The Relevance of Digital Humanities to the Analysis of late Medieval/Early Renaissance Music

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Dateien:
Aufrufstatistik

URI: http://hdl.handle.net/10900/80205
http://nbn-resolving.de/urn:nbn:de:bsz:21-dspace-802052
http://dx.doi.org/10.15496/publikation-21599
Dokumentart: InProceedings (Aufsatz / Paper einer Konferenz etc.)
Date: 2018-02-08
Language: English
Faculty: 5 Philosophische Fakultät
Department: Musikwissenschaft
DDC Classifikation: 004 - Data processing and computer science
780 - Music
Keywords: Musikwissenschaft , Digital Humanities , Musikalische Analyse , , World Wide Web , Musikpsychologie , Spätmittelalter , Renaissance
Other Keywords:
Nicholas Cook
computational musicology
big data
semantic web
music recognition
Ars subtilior
music encoding
MEI
MusicXML
License: Publishing license excluding print on demand
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Abstract:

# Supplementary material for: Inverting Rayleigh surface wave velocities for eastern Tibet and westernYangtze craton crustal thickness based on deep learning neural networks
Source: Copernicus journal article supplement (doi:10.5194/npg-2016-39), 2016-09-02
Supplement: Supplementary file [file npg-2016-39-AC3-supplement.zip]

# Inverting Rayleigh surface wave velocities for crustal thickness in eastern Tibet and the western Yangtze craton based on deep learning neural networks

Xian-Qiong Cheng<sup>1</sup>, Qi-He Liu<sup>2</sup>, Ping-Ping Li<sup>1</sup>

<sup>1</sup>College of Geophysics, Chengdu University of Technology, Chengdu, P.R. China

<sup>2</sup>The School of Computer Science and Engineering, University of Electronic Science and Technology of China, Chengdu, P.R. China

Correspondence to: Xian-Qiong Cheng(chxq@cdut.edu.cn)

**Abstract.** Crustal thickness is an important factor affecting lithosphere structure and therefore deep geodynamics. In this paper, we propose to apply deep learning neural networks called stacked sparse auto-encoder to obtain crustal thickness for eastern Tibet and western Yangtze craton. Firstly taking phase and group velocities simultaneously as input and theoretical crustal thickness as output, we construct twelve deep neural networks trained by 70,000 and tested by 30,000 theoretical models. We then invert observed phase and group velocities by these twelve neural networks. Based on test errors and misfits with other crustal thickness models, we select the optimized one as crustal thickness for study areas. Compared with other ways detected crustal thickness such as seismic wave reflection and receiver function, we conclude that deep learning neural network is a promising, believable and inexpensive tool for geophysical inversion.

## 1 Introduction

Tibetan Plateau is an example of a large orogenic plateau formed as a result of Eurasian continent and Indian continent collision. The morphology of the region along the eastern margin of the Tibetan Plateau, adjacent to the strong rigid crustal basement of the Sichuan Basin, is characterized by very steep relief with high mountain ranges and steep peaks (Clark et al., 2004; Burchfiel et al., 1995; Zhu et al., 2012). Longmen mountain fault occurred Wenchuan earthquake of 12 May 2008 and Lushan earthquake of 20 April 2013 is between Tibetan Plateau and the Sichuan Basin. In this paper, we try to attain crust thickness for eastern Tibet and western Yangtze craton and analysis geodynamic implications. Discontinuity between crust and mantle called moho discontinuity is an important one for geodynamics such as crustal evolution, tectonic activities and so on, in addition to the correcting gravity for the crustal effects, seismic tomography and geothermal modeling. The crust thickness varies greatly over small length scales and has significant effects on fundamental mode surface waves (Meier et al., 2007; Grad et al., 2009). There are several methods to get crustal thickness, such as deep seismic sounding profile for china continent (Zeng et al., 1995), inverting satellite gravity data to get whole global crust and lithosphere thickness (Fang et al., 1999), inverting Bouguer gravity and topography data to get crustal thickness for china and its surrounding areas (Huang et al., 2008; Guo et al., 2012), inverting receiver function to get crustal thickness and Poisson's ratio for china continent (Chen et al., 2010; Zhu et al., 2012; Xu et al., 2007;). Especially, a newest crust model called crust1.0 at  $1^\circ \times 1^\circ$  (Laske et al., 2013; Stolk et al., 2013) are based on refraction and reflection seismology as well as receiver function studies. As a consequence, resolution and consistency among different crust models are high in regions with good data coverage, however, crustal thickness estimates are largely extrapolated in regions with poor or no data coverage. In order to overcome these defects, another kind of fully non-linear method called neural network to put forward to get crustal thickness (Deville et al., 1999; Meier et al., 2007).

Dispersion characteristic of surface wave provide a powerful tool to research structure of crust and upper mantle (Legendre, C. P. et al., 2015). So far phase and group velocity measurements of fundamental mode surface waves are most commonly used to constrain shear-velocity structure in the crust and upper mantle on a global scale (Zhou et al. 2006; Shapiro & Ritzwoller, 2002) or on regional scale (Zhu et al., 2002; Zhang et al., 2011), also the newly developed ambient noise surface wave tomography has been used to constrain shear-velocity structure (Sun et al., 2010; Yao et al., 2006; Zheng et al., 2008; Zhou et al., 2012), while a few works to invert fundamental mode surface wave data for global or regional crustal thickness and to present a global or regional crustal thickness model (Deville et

In a seminal publication on computational and comparative musicology, Nicholas Cook argued more than a decade ago that recent developments in computational musicology presented a significant opportunity for disciplinary renewal. Musicology, he said, was on the brink of new phase wherein “objective representations of music” could be rapidly and accurately compared and analysed using computers. Cook’s largely retrospective conspectus of what I and others now call digital musicology— following the vogue of digital humanities—might seem prophetical, yet in other ways it cannot be faulted for missing its mark when it came to developments in the following decade. While Cook laid the blame for its delayed advent on the cultural turn in musicology, digital musicology today—which is more a way of enhancing musicological research than a particular approach in its own right—is on the brink of another revolution of sorts that promises to bring diverse disciplinary branches closer together. In addition to the extension of types of computer-assisted analysis already familiar to Cook, new generic models of data capable of linking music, image (including digitisations of music notation), sound and documentation are poised to leverage musicology into the age of the semantic World Wide Web. At the same time, advanced forms of computer modelling are being developed that simulate historical modes of listening and improvisation, thereby beginning to address research questions relevant to current debates in music cognition, music psychology and cultural studies, and musical creativity in the Middle Ages, Renaissance and beyond.

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